I have until Monday to decide if I’ll make a switch with our health insurance.¹
I have been on the same Blue Cross plan for over 20 years. I suspect that when the dust settles with my research this weekend, we’ll end up making no changes. That’s what normally happens whenever I do this. I spend hours comparing plans, looking up drug costs, seeing if specific doctors are included in a network, etc. But after all is said and done, I always end up staying with exactly what I have.
This time around, the impetus to change revolves around a specific drug that Gorgeous takes. It’s nothing serious or dramatic, just a topical that she uses daily. It is, however, expensive because it has no generic equivalent. Adding to the fun when I research all of this, is the varying degree of cost differences between all the plans offered. So to handle this responsibly, we have to consider all factors that impact coverage even though we’re only focusing on this one med.
Should we spend more each month to upgrade to the higher Blue Cross plan? Doing so will make this drug less expensive. But we’ve crunched the numbers, and it doesn’t seem like a good idea because the savings for the med will be nearly the same as the cost to upgrade. Or should we switch to a competing fee-for-service plan that is overall less expensive? We can, but it would appear that we’d be paying the same exact cost for the med, and then the total savings for switching is only $9 each month. I think we’re better off with the devil we already know. And believe me, I do think health insurance companies are devilish.
Maybe we should we consider an HMO which will ostensibly make both our prescription and medical costs lower. It’s tempting, but neither of us want to lose the relative freedom we currently have to choose doctors we actually like, and medications we want to continue to take.
It all becomes one big domino effect with one change impacting another. I am reminded of an anecdote attributed to Harry Truman: After listening to a long presentation on his choices to solve an economic problem, he decided that he instead wanted to chop off the hands of all his economists. He apparently got tired of them saying, “On the one hand...”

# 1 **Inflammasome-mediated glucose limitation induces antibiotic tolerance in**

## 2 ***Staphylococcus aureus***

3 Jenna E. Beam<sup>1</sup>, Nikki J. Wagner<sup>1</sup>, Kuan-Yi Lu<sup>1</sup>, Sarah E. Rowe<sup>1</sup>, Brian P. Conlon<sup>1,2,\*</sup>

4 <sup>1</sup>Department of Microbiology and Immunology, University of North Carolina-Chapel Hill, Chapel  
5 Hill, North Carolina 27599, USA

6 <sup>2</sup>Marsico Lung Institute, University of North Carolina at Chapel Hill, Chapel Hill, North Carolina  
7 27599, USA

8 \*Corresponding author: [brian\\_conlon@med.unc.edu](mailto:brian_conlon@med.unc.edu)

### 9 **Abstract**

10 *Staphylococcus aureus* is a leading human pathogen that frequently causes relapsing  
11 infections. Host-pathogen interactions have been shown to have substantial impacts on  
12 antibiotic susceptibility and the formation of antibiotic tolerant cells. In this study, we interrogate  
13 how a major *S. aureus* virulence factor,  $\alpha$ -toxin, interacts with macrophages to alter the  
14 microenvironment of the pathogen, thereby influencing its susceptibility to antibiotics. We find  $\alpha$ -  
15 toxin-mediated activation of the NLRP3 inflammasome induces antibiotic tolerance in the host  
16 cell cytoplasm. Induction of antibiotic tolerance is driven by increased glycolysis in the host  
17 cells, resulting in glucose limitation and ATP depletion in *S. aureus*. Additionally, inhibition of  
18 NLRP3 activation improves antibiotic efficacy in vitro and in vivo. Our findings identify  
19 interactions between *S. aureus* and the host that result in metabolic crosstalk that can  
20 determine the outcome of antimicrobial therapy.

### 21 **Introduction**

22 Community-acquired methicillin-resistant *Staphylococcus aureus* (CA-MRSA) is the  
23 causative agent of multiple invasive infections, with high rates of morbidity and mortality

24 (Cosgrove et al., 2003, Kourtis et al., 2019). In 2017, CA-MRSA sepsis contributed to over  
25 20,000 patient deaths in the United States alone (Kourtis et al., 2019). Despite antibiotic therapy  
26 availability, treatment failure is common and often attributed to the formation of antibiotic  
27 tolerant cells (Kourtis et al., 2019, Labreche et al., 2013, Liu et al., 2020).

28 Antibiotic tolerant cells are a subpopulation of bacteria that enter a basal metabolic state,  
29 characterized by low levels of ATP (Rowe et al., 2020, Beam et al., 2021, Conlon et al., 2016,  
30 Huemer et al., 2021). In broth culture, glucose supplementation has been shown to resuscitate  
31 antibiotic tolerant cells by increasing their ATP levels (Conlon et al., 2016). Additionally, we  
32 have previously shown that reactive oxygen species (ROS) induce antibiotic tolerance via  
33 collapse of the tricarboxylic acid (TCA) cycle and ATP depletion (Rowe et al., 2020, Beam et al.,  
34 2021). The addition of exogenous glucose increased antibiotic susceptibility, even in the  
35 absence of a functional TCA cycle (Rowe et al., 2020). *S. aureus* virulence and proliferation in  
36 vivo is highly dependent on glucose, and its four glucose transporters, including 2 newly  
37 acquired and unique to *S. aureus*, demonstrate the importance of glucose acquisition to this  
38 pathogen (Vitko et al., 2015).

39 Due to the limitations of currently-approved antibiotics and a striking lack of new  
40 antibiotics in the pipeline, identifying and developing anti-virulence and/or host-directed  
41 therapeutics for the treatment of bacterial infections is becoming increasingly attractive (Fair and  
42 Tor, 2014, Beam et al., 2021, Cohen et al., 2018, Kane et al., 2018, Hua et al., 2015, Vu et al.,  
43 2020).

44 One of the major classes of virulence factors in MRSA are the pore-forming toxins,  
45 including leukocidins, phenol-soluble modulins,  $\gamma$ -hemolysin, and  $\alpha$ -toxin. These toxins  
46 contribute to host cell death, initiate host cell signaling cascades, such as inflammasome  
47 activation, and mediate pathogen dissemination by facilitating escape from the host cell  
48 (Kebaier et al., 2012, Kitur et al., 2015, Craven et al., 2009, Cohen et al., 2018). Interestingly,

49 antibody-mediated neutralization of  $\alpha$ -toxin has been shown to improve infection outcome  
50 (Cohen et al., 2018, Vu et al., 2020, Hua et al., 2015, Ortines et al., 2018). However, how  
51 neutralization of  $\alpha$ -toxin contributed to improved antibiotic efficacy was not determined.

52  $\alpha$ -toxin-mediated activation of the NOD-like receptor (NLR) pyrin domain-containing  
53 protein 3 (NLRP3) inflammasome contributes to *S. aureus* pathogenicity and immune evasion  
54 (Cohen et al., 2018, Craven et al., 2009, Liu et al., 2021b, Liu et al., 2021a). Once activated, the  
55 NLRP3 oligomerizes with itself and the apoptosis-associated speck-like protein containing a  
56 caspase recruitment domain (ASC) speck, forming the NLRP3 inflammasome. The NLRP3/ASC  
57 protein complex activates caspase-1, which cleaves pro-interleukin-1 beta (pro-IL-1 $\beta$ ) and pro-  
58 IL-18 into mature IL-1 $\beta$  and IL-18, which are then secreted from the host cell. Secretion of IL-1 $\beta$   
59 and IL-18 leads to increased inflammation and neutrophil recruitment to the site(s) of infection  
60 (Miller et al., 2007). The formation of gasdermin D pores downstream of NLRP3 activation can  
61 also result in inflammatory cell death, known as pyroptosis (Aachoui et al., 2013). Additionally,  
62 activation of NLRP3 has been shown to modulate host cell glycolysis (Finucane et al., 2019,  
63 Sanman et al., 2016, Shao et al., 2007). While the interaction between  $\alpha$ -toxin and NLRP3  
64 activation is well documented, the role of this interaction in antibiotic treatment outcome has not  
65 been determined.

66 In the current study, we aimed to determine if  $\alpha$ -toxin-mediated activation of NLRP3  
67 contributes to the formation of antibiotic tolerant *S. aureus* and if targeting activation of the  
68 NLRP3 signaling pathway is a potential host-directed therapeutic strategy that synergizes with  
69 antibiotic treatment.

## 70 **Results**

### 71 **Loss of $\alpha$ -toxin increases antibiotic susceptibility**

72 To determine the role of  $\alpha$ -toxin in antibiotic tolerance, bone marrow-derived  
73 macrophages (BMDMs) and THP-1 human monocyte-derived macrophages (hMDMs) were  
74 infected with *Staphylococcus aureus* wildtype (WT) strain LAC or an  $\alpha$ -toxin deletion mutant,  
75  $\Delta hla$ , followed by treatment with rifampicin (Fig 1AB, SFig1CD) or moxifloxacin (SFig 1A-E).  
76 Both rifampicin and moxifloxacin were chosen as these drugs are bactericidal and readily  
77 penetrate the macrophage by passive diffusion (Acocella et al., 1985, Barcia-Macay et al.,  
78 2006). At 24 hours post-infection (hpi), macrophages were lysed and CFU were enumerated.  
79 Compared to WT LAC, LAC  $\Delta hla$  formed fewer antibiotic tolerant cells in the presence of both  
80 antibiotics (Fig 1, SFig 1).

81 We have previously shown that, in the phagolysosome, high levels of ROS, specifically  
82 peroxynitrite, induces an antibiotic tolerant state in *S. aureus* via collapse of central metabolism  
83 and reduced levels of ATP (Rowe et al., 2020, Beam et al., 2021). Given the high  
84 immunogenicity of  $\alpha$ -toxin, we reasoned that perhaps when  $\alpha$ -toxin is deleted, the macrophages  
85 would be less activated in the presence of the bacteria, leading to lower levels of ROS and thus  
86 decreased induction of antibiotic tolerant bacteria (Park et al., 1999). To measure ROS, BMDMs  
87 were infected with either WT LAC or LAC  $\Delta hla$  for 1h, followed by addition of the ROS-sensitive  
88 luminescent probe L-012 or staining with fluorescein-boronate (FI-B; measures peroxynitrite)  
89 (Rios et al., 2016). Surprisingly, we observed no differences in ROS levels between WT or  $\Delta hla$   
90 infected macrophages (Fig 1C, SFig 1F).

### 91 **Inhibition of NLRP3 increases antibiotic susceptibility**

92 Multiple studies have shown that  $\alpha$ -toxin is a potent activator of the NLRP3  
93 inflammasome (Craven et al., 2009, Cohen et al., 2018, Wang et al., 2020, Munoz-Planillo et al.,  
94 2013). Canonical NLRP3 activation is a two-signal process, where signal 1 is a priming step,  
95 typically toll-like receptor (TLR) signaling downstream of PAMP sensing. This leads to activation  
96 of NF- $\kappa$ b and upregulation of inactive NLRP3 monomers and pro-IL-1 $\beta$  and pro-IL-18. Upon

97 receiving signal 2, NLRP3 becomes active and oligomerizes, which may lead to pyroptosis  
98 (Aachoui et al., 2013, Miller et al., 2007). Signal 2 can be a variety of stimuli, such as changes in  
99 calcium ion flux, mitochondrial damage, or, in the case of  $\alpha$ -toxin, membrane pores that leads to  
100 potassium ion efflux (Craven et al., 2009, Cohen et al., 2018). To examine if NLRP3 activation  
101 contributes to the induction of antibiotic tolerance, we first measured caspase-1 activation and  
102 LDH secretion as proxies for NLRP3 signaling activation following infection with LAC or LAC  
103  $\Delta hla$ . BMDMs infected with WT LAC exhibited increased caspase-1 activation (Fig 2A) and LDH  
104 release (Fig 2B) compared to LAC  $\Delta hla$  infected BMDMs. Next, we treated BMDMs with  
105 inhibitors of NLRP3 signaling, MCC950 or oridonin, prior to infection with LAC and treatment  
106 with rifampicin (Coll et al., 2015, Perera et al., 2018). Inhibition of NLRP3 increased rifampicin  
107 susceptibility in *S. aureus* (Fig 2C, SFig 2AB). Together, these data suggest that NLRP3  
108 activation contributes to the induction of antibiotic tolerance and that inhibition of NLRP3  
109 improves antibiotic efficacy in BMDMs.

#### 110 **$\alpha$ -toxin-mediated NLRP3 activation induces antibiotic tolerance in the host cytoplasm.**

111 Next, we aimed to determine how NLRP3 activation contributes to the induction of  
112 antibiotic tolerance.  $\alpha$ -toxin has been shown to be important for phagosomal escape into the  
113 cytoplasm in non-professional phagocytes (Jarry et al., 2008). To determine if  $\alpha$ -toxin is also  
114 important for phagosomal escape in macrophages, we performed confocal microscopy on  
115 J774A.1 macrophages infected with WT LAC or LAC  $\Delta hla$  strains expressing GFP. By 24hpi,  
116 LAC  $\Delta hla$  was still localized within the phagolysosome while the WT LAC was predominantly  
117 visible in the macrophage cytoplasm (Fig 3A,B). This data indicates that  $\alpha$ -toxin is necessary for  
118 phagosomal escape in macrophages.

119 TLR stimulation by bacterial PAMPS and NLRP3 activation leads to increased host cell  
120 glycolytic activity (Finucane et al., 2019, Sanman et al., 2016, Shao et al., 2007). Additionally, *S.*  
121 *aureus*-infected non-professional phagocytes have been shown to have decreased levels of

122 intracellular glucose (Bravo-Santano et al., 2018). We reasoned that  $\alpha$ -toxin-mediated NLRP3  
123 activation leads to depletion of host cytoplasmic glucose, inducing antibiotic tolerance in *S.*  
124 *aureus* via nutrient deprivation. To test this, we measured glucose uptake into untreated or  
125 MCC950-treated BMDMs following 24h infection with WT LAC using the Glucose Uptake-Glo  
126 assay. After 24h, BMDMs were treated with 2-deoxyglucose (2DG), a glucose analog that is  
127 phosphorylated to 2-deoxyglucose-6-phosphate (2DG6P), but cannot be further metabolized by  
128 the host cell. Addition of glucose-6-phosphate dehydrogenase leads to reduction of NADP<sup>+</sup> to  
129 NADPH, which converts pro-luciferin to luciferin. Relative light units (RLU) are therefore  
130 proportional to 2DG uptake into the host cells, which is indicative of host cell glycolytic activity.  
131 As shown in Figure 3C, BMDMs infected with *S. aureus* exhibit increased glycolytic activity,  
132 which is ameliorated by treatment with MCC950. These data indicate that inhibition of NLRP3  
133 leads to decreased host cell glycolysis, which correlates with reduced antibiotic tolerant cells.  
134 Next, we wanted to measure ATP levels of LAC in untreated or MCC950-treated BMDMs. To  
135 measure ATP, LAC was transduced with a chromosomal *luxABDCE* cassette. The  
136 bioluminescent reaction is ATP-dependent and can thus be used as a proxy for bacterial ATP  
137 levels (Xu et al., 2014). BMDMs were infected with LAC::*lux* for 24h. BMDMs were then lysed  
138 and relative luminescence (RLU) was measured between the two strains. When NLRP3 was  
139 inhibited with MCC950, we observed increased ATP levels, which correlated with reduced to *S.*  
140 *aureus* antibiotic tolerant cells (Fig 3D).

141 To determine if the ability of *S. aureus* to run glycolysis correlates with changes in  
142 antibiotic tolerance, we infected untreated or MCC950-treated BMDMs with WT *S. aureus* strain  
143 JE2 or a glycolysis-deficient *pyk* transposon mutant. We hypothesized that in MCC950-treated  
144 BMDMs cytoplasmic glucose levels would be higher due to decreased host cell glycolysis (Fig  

Health care policy is a primary reason for governmental gridlock in Washington right now. Shortly before he died, Teddy Kennedy admitted in his autobiography that he wished he hadn’t rejected President Nixon’s proposal for universal health care back in the 1970’s. Had the senator’s own political ambition not clouded his judgment, we would all be in a very different place right now.²
I don’t expect much progress to be made in the coming years over health care reform. Like the old Irish joke about God being asked if there would be ever be peace in Northern Ireland, he responds “Yes, but not in my lifetime.”
Between now and Monday we will make a decision on this. And then on Tuesday I will make an appointment with the optometrist. I’m sure my eyes will no doubt be damaged from straining to read fine print over the weekend.
¹ This is for my retirement health insurance benefit. I am still too young for Medicare coverage.
² For whatever it matters, and the intent of this post is NOT to debate the national conversation over health care, but I happen to support Obamacare. It is my own opinion that a great country such as ours needs to care for its own. Walk into any hospital emergency room today and you will see the sad state of the uninsured.